A stunning and tragic mass shooting in New Zealand late last week is one of the biggest international criminal law news stories in recent memory. Last Friday, an Australian man motivated by racism killed 50 people at two mosques in Christchurch. In a disturbing use of modern technology, the attack was streamed live to Facebook from a camera the gunman wore on a helmet. News reports say that the man was active on right-wing white nationalist internet forums, and that he posted a lengthy manifesto to one such forum just before the attack. In that document, he reportedly said that in addition to stoking racial discord, one of his goals was to further divide Americans on the controversial issue of gun laws. Keep reading for more news.
New Zealand to Ban Assault Weapons. As has been the case in the majority of recent mass shootings in the United States, the gunman in New Zealand used a military-style assault rifle during his attack. Just six days after the attack, New Zealand Prime Minister Jacinda Ardern announced that the country will ban all military-style semiautomatic weapons, all high capacity magazines, and all parts that can be used to modify a weapon into a style covered by the ban. It appears that the ban will be passed into law because it has broad support in the country’s parliament.
Bump Stocks. Nearly a year and a half has passed since the deadliest mass shooting in modern American history, where 58 people were killed and more than 500 were injured at a concert in Las Vegas. On March 26, the Trump administration’s ban on bump stocks, devices used in that shooting and which cause semiautomatic weapons to operate as if they were fully automatic, will go into effect. After that date, the sale of the devices will be prohibited and within 90 days people who still possess them must destroy them or turn them over to the ATF. A WFMY News report from late last year has information about what to do with bump stocks in North Carolina.
Seeking Conviction. Eleven news organizations across North Carolina recently published a four-part collaborative investigative report entitled “Seeking Conviction” that examines the issue of sexual assault prosecution and convictions in the state. According to the report, fewer than one in four defendants charged with a sexual assault offense in North Carolina are convicted of the crime or a related reduced charge. A link to all of the reports in the series is here.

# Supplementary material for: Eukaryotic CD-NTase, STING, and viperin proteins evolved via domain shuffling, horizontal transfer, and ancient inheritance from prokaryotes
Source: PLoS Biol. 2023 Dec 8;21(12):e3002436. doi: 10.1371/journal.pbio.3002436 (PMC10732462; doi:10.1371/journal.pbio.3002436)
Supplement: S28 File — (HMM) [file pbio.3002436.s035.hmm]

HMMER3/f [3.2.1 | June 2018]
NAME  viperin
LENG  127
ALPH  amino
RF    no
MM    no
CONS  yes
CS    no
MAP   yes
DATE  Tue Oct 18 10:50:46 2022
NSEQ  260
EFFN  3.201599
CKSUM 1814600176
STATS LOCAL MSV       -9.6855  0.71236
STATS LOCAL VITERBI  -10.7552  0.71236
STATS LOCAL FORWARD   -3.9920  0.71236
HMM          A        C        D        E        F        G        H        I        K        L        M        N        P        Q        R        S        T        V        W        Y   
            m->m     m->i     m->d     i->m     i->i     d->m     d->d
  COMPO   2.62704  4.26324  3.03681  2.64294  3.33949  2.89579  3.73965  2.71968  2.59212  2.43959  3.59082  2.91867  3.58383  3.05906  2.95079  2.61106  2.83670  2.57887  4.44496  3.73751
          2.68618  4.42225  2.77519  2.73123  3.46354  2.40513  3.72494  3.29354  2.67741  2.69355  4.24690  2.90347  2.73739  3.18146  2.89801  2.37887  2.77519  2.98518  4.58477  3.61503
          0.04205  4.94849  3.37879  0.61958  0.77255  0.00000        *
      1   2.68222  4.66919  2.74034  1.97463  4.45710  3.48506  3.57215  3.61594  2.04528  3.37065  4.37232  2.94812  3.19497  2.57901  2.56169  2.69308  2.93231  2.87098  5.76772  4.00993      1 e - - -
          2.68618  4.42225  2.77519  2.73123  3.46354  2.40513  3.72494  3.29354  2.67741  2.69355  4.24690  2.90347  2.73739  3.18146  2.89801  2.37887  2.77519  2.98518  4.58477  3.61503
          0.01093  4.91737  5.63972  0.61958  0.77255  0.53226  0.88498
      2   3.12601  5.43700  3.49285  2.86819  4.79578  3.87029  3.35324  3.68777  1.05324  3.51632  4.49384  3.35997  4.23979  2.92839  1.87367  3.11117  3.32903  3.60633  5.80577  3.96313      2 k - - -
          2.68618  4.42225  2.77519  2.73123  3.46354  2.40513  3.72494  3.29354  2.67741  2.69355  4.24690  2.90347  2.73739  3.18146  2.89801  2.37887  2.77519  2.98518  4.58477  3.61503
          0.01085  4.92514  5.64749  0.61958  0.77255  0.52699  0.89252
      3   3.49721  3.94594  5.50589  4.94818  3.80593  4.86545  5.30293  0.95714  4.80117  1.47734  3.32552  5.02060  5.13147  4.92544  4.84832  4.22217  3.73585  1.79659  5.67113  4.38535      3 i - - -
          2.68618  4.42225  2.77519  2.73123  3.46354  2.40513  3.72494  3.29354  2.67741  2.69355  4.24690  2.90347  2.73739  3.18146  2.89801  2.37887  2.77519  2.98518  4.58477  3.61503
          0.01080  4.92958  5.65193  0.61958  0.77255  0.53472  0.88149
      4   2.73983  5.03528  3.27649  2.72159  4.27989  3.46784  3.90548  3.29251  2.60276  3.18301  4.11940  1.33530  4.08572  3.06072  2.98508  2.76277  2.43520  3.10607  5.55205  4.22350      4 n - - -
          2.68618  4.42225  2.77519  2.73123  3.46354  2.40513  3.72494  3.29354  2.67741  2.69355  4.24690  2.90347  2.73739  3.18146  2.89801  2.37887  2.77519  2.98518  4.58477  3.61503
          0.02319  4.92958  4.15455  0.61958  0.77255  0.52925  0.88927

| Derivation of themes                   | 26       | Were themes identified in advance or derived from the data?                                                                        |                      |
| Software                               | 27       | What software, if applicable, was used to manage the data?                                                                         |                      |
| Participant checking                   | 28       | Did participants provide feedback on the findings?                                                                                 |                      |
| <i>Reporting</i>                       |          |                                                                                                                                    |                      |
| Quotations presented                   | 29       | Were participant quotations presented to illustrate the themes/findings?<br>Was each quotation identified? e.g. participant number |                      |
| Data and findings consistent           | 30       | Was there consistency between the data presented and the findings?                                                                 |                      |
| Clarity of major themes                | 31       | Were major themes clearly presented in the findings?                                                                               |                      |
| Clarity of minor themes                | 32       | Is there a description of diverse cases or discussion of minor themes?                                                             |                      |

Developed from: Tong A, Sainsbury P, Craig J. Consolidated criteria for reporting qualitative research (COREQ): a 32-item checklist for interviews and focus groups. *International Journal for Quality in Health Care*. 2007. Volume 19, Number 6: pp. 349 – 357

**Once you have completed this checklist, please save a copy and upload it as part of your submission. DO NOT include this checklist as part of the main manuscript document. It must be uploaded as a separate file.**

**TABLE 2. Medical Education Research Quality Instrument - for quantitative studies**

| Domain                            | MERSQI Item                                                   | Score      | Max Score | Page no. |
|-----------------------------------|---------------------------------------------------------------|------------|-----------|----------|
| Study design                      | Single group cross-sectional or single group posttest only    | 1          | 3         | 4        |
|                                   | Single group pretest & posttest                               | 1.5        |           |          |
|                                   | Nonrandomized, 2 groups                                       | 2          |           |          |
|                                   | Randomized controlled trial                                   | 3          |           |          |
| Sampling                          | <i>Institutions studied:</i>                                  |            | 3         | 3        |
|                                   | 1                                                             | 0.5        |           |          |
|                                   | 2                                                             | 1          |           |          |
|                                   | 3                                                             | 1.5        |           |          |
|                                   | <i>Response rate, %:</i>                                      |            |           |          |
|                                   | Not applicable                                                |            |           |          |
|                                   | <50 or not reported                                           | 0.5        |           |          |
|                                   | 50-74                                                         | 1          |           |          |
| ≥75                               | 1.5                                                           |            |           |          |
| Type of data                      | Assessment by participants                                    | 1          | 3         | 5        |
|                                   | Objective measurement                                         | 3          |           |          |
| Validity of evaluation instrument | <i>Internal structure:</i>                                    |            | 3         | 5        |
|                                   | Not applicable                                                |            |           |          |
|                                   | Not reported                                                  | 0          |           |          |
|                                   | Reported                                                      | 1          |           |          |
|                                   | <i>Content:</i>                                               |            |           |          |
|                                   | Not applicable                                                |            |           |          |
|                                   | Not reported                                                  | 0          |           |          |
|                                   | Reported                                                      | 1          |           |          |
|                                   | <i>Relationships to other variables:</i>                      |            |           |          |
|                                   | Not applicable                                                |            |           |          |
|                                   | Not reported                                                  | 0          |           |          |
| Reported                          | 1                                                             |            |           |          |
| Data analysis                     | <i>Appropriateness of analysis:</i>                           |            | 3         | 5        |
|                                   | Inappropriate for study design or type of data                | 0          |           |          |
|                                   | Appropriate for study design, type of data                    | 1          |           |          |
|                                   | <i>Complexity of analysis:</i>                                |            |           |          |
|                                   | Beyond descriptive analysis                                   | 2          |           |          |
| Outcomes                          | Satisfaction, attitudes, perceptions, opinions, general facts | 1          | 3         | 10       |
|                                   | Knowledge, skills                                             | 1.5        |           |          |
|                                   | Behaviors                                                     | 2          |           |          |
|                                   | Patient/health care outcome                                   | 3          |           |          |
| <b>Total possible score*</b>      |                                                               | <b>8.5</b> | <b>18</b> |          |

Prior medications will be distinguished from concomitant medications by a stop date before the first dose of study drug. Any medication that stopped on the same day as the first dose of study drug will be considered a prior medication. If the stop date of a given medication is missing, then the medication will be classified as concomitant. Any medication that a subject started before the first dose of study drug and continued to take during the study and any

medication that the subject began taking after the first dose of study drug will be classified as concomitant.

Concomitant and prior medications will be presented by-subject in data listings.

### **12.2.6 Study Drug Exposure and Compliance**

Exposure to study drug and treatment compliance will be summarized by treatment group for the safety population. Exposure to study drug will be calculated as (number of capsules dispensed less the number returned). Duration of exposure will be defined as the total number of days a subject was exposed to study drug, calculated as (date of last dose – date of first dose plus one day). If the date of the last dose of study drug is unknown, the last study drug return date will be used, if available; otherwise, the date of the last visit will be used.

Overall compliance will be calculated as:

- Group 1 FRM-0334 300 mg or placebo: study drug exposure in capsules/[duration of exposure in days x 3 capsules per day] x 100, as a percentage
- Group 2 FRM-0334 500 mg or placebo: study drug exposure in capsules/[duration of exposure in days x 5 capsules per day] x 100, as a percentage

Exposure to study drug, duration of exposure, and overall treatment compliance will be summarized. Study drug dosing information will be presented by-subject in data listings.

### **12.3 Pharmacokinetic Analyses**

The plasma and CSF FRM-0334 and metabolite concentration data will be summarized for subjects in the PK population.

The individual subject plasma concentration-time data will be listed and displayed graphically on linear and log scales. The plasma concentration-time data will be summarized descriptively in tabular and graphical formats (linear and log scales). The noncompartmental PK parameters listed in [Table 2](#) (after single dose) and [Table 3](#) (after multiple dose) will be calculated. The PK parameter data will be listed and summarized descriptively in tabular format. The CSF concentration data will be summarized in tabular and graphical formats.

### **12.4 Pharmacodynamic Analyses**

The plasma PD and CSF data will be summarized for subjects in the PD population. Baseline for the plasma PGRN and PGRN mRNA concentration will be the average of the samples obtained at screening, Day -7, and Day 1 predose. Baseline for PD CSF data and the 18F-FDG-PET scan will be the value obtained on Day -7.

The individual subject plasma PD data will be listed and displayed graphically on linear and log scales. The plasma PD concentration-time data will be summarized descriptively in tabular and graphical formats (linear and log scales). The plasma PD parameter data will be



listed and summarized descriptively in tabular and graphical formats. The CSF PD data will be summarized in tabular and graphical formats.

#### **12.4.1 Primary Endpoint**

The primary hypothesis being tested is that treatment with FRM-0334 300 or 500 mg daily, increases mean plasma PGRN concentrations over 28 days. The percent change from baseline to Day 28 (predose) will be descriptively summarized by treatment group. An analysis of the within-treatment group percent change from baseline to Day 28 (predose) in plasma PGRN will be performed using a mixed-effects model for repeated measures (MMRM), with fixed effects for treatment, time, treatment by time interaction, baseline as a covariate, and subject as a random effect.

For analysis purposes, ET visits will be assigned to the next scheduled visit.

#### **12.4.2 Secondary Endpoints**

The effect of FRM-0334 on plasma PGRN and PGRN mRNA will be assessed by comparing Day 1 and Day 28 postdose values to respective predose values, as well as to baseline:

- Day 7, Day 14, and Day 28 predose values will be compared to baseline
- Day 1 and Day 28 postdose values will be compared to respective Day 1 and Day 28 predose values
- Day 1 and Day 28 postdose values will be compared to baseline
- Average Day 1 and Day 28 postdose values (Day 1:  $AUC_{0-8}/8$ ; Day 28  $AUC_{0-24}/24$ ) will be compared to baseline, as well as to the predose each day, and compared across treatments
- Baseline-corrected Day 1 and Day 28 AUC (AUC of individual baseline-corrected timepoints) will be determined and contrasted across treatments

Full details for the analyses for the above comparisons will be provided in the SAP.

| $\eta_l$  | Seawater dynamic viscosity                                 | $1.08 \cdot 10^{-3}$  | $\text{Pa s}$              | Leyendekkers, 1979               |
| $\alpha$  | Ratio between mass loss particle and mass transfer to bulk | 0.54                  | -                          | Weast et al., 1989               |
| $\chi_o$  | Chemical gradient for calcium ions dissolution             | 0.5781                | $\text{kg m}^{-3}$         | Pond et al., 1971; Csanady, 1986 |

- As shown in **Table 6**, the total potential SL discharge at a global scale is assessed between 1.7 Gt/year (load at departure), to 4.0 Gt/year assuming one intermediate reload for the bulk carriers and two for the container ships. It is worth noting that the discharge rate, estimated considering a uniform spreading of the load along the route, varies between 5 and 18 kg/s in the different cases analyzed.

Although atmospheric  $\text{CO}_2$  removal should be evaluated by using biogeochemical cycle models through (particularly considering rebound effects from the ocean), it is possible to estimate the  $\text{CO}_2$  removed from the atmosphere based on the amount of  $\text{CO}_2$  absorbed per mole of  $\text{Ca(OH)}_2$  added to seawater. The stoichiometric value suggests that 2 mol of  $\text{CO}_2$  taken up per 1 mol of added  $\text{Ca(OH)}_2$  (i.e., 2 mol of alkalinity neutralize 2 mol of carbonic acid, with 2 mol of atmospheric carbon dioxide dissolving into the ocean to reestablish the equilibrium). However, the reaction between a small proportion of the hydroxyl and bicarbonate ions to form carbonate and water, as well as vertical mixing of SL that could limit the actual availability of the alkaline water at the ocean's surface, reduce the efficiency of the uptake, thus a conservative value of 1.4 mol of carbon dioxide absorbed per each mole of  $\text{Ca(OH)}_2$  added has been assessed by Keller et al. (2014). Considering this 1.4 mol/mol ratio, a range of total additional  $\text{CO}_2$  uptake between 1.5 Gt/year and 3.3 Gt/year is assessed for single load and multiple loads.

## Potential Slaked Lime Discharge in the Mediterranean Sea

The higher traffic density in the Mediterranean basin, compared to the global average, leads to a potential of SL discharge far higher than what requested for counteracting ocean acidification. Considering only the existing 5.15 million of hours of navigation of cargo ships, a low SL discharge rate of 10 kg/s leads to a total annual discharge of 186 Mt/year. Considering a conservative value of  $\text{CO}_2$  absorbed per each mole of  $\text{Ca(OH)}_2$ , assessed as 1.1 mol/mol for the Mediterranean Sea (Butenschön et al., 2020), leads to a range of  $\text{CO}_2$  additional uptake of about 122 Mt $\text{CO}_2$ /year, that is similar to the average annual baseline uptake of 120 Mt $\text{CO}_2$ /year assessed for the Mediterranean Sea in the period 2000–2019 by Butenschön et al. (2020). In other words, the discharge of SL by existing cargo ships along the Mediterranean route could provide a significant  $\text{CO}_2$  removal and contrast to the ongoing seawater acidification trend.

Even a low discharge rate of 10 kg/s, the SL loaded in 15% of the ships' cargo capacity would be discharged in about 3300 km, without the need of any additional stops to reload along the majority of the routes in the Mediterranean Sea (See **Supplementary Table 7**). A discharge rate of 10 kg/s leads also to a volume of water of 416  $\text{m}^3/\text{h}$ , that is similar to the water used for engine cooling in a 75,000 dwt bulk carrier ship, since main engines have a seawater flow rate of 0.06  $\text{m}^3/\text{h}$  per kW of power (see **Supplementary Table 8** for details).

Ainsworth. Earlier this year the News Roundup noted that Raleigh Police Officer Charles Ainsworth had been shot while conducting a traffic stop and was in serious condition at Wake Med. Earlier this week, North Carolina firefighters and police officers faced off in a charity hockey game called the “Battle of the Badges” to raise funds for Ainsworth’s medical expenses. Ainsworth is still recovering in the hospital though his wife said at the game that he was doing well considering his injuries.
Mass Incarceration CLE. Next Friday, North Carolina Advocates for Justice is holding a seminar entitled “Tackling the Crisis of Racialized Mass Incarceration.” Attendees will get 5.75 hours of CLE and the seminar will be webcast live for anyone who wants to attend but can’t make it to Raleigh. More information is available here.
Guilford Judge Suspended. The Greensboro News & Record reports that Guilford County District Court Judge Mark Cummings has been temporarily suspended from the bench by Chief Justice Cheri Beasley. No details regarding the suspension are provided in the report, though it does say that Cummings’ access to the Guilford Courthouse has been restricted.
Walk on By. It may not be a sin, but at least one person suspected that it might be wrong even as their love kept coming on strong, see James Carr, The Dark End of the Street, on You Got my Mind Messed Up (Goldwax, 1967), so they asked the State Bar about it. What is “it” you ask? A prosecutor and a defense attorney carrying on a sexual relationship with each other while acting as opposing counsel in criminal cases without disclosing that fact to defendants and to the district attorney’s office. Clarifying in Proposed 2019 Formal Ethics Opinion 3 that such relationships must be disclosed and consented to, the State Bar Ethics Committee cast light into the shadows where attorneys don’t belong, living in darkness to hide their wrong.